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Just wonrdering if 127 degrees farenheit is OK level for HR20 ?
 

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thekochs said:
Just wonrdering if 127 degrees farenheit is OK level for HR20 ?
There's been a lot of discussion in other threads about this. The consensus seems to be that 127 isn't bad and that the HR20 does not have a heat problem.

That being said, it was too hot for my "comfort zone". Mine was running 127 out in the open on a vertical equipment rack with plenty of space for ventillation. I bought a "cool pad" laptop cooling unit that has two fans (I think it's a Targus) and 4 USB ports. I just set it it UPSIDE DOWN (so it would draw heat out of the vent slots on the top of the the HR20). It is dead quiet and is AC powered (not USB). It dropped the temperature 20+ degrees and it now holds about 105 +/- 2 degrees and I feel a lot better.

My concerns are long term reliability and with nearly all electronics (and especially hard drives), cooler is better.

I obviously don't use the USB ports...I got the unit for its dual cooling fans and an additional nicety is that it is silver, matching the HR20. It was too expensive. I paid about 50 bucks for it...I think you can get the same thing hunting around a bit for half that.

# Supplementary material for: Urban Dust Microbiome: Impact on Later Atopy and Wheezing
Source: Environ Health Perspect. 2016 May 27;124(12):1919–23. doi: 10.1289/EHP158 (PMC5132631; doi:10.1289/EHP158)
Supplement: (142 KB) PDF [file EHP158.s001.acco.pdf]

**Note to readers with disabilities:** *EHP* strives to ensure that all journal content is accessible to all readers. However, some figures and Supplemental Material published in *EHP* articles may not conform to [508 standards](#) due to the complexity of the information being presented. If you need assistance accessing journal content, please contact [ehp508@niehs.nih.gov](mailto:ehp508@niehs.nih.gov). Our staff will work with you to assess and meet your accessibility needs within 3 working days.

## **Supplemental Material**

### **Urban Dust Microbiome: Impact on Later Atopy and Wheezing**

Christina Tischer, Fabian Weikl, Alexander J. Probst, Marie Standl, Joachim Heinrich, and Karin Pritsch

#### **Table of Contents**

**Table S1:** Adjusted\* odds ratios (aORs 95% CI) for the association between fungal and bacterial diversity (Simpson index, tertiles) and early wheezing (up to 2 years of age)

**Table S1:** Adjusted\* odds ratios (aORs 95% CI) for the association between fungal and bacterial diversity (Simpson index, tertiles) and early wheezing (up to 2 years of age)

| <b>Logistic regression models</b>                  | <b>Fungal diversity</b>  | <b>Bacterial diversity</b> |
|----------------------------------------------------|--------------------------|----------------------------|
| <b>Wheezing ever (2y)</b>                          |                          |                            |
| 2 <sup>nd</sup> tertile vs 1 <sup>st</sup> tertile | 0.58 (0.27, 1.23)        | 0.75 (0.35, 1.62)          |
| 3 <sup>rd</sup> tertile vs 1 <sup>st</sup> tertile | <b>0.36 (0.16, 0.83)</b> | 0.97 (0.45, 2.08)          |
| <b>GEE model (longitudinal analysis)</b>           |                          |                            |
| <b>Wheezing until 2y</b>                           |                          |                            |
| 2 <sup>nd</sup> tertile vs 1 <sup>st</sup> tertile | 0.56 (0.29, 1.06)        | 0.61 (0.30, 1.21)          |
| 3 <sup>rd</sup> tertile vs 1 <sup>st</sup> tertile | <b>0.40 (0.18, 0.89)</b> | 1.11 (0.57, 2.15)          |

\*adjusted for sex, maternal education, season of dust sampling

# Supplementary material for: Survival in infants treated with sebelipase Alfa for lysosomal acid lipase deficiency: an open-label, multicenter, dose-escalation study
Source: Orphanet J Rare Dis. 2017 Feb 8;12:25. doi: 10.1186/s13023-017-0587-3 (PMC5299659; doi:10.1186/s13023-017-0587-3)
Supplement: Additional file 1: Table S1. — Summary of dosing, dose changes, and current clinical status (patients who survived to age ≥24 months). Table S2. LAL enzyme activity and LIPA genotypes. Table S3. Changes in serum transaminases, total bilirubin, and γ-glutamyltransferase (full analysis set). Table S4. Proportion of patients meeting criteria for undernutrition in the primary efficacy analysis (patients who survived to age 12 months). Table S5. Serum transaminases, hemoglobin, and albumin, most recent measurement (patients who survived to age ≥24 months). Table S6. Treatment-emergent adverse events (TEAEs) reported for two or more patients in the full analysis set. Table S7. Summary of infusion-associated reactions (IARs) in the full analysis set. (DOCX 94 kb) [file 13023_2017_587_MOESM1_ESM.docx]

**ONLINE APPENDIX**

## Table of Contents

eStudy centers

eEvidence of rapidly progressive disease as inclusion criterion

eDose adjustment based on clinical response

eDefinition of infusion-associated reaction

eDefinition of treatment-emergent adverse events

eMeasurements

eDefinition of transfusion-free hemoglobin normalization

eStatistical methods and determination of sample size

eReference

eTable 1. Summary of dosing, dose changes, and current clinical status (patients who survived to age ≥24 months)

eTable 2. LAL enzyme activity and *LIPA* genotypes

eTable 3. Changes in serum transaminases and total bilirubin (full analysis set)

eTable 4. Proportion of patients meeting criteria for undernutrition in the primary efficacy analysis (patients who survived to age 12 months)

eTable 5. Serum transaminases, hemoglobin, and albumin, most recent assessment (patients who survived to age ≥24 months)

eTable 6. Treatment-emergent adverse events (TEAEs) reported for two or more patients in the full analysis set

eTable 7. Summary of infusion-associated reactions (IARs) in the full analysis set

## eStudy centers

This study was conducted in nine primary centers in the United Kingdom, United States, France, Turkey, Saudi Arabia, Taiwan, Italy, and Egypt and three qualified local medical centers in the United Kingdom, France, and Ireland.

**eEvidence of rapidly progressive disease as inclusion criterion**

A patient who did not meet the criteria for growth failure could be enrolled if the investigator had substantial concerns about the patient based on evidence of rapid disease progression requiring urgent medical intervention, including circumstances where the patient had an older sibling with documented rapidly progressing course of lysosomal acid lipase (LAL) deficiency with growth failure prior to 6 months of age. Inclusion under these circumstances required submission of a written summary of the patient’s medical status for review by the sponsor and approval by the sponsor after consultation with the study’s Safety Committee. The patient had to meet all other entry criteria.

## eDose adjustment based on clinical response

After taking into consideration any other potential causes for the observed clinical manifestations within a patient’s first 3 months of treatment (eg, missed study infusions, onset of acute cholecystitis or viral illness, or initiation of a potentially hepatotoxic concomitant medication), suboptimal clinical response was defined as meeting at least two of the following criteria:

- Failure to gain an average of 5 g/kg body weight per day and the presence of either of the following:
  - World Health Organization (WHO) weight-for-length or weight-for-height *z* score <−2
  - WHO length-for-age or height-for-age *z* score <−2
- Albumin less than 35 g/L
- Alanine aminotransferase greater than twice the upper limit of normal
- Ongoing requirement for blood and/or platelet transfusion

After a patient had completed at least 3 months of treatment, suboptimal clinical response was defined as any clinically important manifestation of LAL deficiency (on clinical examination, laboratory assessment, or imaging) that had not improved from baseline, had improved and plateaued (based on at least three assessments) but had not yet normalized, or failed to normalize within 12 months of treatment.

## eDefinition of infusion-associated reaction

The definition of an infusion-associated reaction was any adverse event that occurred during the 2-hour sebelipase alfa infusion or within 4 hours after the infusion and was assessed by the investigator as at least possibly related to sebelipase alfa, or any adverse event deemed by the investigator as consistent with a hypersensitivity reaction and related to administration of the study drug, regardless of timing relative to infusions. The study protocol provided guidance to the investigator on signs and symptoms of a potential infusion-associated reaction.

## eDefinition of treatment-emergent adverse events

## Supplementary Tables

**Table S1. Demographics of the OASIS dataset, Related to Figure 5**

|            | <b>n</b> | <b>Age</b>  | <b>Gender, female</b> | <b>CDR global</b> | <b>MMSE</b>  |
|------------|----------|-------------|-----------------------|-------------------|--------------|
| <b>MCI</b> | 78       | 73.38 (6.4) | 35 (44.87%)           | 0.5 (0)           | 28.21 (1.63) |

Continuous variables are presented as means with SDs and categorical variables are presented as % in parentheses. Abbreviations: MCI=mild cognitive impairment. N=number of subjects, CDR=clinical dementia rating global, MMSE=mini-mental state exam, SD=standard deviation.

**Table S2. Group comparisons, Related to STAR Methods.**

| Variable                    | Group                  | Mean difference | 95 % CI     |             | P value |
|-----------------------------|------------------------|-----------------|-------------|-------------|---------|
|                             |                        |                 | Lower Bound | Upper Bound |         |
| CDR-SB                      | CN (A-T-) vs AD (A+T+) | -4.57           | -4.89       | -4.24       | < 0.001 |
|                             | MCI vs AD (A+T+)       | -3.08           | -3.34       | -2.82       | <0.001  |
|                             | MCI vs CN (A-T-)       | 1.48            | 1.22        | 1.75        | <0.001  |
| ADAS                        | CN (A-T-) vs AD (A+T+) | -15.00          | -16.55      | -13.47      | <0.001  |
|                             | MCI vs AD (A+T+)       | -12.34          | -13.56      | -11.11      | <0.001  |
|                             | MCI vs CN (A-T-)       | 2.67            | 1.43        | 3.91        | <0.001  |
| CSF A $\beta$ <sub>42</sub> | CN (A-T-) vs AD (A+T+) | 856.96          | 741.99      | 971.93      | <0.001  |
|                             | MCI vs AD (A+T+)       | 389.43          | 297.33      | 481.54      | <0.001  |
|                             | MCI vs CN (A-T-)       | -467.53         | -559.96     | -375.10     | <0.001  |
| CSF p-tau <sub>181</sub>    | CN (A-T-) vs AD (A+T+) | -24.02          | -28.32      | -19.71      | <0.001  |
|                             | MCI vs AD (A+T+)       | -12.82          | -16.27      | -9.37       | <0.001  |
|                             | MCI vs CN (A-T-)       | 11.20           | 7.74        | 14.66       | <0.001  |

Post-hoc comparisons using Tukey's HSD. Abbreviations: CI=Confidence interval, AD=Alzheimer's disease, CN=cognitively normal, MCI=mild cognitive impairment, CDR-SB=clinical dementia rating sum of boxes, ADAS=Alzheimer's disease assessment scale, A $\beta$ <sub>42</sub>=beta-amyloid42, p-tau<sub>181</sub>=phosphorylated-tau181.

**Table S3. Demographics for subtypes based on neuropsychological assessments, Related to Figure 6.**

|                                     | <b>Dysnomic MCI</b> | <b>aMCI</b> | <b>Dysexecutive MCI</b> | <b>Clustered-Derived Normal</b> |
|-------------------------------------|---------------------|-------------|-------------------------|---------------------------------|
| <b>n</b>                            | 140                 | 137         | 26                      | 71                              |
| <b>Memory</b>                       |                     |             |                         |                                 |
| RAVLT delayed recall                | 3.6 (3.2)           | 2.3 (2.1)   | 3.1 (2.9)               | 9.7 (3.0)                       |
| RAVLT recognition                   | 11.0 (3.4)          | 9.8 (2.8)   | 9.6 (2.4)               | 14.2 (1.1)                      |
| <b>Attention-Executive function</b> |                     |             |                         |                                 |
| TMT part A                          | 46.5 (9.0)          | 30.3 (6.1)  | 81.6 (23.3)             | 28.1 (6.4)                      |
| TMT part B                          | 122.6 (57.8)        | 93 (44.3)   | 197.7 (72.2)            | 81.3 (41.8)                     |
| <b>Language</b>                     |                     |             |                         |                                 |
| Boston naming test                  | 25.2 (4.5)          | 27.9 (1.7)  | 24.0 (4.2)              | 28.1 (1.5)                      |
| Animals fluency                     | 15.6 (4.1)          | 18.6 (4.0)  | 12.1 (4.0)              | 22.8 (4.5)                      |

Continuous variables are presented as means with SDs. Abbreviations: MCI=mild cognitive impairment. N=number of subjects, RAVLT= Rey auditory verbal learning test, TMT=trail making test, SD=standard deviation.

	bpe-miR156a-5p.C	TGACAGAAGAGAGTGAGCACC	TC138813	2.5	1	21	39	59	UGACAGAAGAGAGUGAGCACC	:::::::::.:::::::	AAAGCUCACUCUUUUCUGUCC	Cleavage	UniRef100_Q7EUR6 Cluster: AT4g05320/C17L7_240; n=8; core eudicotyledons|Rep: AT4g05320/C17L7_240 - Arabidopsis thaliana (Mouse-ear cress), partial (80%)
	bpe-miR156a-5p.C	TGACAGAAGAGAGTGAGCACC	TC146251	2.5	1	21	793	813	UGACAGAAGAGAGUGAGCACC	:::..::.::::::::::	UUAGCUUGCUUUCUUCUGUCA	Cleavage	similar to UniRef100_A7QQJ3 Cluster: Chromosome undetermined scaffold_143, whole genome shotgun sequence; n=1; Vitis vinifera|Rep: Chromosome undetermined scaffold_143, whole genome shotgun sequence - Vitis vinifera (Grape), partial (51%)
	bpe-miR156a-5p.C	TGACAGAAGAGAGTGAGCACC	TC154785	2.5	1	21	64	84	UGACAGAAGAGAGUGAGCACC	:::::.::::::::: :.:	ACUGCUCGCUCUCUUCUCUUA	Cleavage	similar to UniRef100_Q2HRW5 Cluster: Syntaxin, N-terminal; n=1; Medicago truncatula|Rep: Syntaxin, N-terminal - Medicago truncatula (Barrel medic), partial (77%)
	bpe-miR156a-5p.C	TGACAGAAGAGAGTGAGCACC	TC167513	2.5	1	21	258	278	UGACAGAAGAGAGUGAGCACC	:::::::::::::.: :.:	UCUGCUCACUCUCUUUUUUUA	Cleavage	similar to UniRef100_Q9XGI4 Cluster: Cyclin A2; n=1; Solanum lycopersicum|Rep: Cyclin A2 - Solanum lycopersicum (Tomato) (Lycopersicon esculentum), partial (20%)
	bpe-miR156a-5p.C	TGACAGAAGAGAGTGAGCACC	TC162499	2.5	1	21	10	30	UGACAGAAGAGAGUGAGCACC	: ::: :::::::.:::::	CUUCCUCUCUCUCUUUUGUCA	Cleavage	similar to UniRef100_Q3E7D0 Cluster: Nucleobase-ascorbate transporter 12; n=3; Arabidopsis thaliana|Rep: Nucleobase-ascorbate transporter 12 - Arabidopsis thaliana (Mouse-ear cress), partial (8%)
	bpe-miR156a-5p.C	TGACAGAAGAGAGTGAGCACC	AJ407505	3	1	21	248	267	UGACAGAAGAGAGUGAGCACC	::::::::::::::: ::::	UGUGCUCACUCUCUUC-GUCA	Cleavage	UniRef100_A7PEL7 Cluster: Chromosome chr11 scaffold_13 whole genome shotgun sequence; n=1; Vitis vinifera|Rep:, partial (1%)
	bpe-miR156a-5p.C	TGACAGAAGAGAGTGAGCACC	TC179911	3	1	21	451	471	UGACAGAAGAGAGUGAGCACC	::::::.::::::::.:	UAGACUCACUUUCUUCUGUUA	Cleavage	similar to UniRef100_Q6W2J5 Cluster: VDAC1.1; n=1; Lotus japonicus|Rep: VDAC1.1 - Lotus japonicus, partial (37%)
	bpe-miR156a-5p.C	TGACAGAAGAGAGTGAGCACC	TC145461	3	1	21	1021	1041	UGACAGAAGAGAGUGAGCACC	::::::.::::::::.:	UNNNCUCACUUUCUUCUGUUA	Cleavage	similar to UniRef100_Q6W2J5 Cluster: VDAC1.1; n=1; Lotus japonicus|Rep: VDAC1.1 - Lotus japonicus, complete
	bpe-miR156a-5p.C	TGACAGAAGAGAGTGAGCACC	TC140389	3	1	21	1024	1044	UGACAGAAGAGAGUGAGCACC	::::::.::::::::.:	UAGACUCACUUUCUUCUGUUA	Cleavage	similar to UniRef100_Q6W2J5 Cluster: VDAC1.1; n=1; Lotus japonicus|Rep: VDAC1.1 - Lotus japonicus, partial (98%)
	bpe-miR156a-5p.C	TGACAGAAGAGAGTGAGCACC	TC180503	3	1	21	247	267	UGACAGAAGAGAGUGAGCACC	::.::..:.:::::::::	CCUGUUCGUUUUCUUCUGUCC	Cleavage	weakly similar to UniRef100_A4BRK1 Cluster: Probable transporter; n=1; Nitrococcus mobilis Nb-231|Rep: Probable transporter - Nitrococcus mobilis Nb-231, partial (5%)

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thekochs said:
Just wonrdering if 127 degrees farenheit is OK level for HR20 ?
I got the two-fan Targus model from Walmart online and I do use the USB port to power it. Mine runs from109-118. I didn't invert mine either, because on mine, the fans are reversed and the air blows out a slit in the back of the pad. It's called a chill mat.
 

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hasan said:
There's been a lot of discussion in other threads about this. The consensus seems to be that 127 isn't bad and that the HR20 does not have a heat problem.

That being said, it was too hot for my "comfort zone". Mine was running 127 out in the open on a vertical equipment rack with plenty of space for ventillation. I bought a "cool pad" laptop cooling unit that has two fans (I think it's a Targus) and 4 USB ports. I just set it it UPSIDE DOWN (so it would draw heat out of the vent slots on the top of the the HR20). It is dead quiet and is AC powered (not USB). It dropped the temperature 20+ degrees and it now holds about 105 +/- 2 degrees and I feel a lot better.

My concerns are long term reliability and with nearly all electronics (and especially hard drives), cooler is better.